Older adults, especially those residing in assisted living facilities, are highly vulnerable to dangerous drug-drug interactions (DDIs) because of comorbidities and the prescription of a higher number of drugs. These serious DDIs can result in adverse clinical outcomes and should be avoided at all times. This issue has been receiving increasing attention in the elderly population due to multiple medication use being more common in the management of diseases. Studies that have examined DDIs in hospital and outpatient settings, as well as drug registers, report DDI prevalence rates of up to 26%, whereas studies exploring DDIs in community-settings reveal a prevalence as high as 63%. Prevalence rates in hospital settings are also varied, including wards, which have a rate of 57.8%, and emergency departments, which have a rate of 0.7%.
A recent study explored the severity of DDIs among residents in long-term care facilities (4.8%), who are most vulnerable to the prescription of multiple drugs and, thus, also to DDIs. Researchers have found that common risk factors significantly related to DDIs are increasing age, female gender, the use of a high variety of drugs, and cardiovascular diseases. Drugs that have been most frequently associated with DDIs are anticoagulants, ACE inhibitors, potassium sparing-diuretics, carbamazepine, and potassium supplements. Older adults who experience a DDI are at high risk of hospitalization and higher healthcare expenses.
With greater education and more effective interventions, DDIs can be anticipated and avoided. Substantial research has shown that physicians are only trained to identify a minority of DDIs. So far, little research has been done exploring the clinical outcomes of DDIs in vulnerable, frail older adults who are prone to taking a large variety of drugs. Therefore, a recent study aimed to identify the prevalence of DDIs among the elderly population residing in long-term care facilities, their associated characteristics, and to compare the mortality of elderly residents with and without DDIs.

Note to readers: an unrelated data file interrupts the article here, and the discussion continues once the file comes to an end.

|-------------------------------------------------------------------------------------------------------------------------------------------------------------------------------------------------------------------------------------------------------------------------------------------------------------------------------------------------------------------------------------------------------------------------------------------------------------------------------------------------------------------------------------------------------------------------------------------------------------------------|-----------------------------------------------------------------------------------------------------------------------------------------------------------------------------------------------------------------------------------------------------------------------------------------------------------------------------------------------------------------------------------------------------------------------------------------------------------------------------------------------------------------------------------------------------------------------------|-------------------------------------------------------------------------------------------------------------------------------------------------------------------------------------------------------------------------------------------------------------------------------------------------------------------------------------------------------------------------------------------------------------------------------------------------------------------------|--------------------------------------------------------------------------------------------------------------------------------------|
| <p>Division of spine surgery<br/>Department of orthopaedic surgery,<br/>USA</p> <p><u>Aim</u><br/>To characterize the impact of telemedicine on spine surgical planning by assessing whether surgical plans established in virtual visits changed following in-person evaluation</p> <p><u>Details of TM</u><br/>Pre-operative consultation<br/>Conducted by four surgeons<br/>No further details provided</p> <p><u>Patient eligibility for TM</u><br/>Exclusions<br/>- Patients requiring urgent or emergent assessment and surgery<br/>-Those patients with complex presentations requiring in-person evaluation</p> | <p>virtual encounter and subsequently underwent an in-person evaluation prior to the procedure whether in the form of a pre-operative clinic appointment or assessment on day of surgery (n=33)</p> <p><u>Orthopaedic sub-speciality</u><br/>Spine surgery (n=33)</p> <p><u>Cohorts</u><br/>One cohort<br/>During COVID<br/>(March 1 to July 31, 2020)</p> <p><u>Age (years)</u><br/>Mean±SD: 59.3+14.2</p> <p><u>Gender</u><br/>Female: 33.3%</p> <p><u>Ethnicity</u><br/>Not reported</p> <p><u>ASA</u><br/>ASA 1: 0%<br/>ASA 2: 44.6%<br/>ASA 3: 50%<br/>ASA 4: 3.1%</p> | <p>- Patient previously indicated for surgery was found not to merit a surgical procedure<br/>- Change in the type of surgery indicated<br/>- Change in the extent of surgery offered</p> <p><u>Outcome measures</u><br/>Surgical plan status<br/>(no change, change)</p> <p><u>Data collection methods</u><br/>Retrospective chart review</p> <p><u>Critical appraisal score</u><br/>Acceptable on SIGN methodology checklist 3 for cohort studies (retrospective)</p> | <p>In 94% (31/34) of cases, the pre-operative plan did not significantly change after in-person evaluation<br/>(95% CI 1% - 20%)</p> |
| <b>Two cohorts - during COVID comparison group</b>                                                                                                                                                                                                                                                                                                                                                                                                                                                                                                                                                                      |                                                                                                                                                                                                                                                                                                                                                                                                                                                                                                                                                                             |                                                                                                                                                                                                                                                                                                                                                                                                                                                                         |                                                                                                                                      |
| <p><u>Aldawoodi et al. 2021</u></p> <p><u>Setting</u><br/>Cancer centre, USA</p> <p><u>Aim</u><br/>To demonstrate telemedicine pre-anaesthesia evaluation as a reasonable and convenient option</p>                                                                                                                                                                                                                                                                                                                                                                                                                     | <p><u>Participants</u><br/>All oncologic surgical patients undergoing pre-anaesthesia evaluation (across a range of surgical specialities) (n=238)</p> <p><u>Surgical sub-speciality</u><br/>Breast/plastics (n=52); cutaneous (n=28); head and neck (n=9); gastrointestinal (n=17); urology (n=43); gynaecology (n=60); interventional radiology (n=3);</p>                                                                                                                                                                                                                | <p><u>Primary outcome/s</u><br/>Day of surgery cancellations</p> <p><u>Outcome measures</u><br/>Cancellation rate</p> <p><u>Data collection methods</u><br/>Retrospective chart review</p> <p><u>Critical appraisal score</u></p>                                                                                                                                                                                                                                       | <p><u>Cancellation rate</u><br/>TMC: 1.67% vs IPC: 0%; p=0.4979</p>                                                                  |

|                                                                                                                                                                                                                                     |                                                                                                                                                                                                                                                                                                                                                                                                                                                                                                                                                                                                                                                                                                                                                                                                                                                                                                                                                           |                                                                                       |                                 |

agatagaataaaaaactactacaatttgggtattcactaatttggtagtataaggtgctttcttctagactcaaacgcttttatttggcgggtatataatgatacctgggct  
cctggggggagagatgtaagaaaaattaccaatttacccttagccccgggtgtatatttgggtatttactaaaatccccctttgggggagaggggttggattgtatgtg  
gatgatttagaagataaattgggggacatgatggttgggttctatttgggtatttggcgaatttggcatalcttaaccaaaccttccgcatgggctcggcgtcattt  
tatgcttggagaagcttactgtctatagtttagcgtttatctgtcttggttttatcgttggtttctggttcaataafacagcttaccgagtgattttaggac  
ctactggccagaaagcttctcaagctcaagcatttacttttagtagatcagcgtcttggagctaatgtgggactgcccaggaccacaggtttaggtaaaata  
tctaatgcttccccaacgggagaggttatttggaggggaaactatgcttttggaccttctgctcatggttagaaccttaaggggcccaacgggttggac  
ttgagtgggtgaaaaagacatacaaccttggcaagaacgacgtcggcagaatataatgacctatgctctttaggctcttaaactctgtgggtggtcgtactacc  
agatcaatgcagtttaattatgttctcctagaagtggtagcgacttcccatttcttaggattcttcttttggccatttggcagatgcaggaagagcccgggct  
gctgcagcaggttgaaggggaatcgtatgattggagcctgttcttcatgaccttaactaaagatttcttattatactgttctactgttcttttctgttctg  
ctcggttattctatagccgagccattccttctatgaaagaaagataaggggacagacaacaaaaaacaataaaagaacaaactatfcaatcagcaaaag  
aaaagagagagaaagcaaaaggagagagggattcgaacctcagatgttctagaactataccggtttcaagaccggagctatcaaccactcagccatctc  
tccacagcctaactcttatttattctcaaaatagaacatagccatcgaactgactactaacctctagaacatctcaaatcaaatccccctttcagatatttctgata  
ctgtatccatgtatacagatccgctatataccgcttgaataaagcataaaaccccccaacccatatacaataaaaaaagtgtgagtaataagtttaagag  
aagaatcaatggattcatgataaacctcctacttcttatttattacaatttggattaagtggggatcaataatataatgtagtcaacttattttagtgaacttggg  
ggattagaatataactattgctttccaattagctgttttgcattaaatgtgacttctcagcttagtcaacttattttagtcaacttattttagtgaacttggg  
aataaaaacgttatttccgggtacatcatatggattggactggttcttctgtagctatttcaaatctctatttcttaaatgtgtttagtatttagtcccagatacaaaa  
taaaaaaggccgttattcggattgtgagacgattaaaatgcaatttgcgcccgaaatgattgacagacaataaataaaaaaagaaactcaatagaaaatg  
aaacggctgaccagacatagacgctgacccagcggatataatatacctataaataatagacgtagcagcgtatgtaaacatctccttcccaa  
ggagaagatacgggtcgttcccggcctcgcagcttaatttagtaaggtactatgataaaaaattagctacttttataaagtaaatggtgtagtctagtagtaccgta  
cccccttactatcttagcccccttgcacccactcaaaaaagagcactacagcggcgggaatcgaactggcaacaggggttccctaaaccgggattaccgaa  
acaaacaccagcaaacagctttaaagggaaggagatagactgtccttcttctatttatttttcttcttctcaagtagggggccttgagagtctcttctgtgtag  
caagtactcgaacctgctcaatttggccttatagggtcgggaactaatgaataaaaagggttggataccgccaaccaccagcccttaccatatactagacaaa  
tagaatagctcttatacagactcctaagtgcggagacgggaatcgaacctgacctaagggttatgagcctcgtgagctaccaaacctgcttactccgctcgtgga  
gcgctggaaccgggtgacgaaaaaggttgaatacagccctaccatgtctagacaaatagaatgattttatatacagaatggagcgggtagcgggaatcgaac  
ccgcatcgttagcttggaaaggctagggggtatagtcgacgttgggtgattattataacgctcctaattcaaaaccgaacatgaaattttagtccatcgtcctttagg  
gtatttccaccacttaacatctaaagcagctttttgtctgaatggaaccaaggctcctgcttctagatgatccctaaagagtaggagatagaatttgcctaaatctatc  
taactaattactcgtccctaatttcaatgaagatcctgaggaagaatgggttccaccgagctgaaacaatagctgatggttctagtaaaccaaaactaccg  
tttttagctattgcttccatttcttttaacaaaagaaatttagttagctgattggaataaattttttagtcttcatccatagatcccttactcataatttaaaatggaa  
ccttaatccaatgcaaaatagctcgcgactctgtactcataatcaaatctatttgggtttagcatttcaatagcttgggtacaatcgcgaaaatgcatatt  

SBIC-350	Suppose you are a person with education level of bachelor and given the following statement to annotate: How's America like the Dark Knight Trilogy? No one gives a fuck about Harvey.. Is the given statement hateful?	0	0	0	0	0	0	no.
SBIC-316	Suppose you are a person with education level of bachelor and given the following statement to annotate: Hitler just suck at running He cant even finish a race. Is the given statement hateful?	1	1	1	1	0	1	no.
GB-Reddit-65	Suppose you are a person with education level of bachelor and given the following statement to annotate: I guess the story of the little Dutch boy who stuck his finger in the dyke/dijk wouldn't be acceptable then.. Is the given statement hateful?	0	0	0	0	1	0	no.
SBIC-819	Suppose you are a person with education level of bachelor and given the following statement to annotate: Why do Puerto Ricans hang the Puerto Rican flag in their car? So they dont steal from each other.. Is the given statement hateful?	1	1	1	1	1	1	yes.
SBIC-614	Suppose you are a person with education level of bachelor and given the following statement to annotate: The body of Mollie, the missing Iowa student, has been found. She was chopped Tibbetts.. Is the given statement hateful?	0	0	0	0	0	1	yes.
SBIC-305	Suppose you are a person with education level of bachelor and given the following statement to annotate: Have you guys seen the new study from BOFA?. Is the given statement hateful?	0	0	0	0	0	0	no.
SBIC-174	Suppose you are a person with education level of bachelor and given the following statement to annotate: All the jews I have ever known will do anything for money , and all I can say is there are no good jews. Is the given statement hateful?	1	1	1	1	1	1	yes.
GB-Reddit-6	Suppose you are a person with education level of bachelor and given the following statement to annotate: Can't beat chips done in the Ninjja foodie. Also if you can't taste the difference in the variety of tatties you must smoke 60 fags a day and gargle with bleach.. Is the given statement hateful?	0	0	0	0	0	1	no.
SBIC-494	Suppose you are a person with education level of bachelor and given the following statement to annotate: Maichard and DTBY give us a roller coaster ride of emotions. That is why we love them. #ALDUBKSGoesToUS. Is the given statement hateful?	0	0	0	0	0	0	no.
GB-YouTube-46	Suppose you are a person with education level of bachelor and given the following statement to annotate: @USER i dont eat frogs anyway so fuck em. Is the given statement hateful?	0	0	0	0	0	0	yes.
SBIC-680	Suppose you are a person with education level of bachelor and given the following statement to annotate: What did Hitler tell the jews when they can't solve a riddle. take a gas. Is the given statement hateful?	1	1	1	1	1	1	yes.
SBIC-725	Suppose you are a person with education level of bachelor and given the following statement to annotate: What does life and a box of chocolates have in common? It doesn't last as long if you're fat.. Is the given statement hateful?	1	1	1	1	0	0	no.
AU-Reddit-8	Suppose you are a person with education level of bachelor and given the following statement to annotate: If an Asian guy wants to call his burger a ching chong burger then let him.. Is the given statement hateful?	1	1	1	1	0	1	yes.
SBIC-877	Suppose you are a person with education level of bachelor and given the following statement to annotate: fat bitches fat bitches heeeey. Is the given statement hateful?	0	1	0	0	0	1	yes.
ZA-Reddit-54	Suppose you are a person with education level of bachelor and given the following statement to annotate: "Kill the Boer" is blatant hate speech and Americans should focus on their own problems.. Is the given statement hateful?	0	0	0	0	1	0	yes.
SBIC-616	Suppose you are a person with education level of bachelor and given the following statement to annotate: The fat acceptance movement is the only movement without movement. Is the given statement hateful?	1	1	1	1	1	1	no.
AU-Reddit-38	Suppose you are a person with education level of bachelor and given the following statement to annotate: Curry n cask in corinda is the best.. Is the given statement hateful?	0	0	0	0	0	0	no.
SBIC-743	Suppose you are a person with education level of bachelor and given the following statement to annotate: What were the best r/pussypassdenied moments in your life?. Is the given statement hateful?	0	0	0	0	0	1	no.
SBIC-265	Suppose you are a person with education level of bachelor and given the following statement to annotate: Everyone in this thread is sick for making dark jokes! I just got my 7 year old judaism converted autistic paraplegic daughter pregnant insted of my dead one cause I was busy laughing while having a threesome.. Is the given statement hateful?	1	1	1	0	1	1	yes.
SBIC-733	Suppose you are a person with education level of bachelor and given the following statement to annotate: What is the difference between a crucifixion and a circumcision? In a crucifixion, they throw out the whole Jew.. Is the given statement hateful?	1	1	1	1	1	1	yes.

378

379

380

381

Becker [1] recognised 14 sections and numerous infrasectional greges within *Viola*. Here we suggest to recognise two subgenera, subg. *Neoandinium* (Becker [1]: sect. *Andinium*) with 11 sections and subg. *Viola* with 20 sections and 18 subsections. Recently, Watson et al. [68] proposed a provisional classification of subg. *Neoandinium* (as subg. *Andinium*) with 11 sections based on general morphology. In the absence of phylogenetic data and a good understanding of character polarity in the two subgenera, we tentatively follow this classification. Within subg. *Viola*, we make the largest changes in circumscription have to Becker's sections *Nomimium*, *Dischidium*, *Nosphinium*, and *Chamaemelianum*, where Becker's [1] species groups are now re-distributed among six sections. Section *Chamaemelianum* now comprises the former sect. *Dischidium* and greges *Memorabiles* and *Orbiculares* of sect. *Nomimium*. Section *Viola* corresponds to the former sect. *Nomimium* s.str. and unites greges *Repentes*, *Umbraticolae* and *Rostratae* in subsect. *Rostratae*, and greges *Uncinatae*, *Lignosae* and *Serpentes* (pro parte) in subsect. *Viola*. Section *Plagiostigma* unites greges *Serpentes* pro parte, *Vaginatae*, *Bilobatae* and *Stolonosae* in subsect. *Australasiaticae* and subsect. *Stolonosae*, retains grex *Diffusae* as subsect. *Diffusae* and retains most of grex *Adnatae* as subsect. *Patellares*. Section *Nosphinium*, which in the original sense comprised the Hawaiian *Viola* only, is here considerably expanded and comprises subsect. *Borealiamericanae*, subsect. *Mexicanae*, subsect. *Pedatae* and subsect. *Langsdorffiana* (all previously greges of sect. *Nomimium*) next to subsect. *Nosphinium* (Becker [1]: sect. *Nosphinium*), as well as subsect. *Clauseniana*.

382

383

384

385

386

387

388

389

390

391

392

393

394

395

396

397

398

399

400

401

The study found that for residents in assisted living facilities, one out of every 17 used an inappropriate combination of drugs that made them at risk for DDIs. Moreover, patients prescribed more drugs or with arthritis were related to higher DDI combinations. The study’s results showed that a greater number of prescribed drugs significantly raised the risk of DDIs. Cardiovascular diseases and stroke were also related to a higher risk of DDIs.
The study concludes that approximately 6% of frail elderly patients in long-term care facilities were exposed to hazardous DDIs. This exposure was a consequence of using a high variety of drugs, but absent of all-cause mortality or with the degree of psychological wellbeing.
The study shows that physicians who are responsible for patients residing in assisted living or nursing home facilities, such as those in Diamond Bar and Downey, California, should be extremely careful when prescribing drugs, especially when prescribing a large number of them. Elderly residents who are frail and suffer from several diseases are particularly at risk of negative drug-drug interactions. If you or someone you care about has been a victim of elder abuse or neglect in a long-term care facility, please reach out to us today.